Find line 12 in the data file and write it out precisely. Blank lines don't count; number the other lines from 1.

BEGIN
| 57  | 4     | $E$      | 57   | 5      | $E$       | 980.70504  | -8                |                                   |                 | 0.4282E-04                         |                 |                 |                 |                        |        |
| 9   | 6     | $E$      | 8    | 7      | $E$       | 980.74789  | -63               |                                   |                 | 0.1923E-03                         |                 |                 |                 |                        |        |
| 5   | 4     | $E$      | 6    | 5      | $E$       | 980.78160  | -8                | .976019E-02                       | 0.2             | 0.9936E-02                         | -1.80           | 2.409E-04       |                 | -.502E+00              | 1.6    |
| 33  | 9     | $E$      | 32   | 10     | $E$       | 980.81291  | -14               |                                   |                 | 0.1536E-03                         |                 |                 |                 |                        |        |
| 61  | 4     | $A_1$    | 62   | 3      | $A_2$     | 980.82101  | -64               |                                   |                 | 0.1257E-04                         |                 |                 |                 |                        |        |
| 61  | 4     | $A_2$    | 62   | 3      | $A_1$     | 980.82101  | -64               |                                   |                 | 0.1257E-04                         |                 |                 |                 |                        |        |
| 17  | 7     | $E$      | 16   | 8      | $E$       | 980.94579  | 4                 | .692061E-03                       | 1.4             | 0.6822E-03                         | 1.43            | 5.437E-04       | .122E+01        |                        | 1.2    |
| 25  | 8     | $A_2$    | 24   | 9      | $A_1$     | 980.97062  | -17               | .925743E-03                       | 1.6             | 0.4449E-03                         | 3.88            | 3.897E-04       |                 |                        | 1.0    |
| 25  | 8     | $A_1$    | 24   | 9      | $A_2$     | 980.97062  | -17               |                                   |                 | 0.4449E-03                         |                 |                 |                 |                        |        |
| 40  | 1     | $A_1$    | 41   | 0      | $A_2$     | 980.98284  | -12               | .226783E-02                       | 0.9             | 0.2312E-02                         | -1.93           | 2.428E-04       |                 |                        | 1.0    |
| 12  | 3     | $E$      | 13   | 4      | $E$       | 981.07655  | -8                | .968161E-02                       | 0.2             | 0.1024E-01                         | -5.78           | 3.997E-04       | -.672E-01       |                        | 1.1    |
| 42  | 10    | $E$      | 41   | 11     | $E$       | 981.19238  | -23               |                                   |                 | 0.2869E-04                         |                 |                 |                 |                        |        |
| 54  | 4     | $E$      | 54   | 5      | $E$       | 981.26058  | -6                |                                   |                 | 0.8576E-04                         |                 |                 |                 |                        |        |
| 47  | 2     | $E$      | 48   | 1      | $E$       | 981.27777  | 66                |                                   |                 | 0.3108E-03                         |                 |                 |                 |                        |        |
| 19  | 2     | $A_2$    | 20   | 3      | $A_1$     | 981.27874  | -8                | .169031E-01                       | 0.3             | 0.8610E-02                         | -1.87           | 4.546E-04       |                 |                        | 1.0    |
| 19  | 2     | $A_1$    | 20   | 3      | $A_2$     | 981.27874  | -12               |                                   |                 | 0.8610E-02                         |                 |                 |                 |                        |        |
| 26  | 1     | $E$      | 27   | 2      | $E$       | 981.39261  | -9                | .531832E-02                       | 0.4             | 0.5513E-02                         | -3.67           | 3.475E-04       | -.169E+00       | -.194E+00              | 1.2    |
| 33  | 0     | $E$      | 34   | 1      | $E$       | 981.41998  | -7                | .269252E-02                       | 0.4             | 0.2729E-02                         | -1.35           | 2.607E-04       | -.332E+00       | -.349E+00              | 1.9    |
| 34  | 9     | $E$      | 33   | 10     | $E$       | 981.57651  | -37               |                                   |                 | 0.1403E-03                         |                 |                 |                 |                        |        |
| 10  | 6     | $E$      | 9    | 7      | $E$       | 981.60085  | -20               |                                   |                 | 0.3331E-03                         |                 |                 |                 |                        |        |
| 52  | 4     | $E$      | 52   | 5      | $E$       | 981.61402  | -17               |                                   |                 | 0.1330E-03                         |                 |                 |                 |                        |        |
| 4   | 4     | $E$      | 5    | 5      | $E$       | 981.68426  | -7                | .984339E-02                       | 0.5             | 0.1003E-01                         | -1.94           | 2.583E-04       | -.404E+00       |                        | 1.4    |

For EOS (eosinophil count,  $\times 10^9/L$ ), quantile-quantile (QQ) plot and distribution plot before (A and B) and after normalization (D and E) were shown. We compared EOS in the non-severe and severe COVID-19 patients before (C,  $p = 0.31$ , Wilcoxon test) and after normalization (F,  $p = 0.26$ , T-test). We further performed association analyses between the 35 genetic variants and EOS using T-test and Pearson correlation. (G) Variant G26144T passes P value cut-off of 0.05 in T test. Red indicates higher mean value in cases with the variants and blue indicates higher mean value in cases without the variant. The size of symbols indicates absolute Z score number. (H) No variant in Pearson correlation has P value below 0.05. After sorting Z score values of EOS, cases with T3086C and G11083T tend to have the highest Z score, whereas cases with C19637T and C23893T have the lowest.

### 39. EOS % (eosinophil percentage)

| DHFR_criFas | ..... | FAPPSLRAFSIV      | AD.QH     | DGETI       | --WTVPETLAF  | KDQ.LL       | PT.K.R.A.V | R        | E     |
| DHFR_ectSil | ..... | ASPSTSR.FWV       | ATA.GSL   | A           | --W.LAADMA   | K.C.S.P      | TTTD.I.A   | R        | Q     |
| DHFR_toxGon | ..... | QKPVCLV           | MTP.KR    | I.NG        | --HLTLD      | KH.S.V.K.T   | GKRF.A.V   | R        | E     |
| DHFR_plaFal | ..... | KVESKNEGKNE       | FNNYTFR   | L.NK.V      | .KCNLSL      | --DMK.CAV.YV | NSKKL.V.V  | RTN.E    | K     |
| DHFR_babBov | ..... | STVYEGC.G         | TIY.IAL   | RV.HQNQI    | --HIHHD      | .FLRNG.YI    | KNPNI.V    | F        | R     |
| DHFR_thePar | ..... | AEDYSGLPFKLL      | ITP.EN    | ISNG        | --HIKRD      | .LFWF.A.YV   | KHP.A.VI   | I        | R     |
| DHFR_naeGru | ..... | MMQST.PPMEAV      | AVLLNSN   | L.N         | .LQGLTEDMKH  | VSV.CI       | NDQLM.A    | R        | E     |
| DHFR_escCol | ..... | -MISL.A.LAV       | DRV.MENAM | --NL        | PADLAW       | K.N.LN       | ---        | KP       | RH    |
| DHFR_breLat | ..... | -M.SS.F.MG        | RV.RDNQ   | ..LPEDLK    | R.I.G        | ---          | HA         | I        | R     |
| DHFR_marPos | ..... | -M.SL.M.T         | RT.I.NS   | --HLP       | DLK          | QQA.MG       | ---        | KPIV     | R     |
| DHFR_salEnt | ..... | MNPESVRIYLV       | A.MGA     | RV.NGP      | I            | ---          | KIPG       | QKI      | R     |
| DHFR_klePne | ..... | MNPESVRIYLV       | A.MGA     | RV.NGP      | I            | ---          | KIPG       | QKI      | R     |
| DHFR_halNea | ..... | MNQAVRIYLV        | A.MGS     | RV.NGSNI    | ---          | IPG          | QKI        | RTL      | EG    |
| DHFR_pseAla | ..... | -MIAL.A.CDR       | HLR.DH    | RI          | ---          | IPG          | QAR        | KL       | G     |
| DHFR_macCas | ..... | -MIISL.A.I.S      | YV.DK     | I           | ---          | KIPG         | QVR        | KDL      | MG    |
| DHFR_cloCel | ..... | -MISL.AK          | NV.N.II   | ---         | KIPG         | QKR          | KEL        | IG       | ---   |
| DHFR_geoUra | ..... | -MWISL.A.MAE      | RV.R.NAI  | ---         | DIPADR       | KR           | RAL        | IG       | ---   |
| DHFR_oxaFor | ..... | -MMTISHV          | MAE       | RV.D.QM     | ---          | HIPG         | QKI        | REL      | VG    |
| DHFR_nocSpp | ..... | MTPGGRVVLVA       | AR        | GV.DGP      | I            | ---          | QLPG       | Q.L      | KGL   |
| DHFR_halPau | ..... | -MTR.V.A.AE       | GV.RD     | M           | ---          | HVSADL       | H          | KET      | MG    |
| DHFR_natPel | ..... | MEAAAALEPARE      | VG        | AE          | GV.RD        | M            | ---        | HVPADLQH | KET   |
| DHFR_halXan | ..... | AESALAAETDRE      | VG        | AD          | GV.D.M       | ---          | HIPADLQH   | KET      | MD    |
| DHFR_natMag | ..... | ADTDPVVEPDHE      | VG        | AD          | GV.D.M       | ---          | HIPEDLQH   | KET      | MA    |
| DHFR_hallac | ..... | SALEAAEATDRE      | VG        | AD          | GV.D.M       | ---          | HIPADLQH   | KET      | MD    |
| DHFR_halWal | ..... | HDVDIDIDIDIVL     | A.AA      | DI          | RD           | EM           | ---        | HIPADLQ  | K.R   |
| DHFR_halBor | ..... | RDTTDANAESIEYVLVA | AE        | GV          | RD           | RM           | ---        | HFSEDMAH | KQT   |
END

| 42  | 10    | $E$      | 41   | 11     | $E$       | 981.19238  | -23               |                                   |                 | 0.2869E-04                         |                 |                 |                 |                        |        |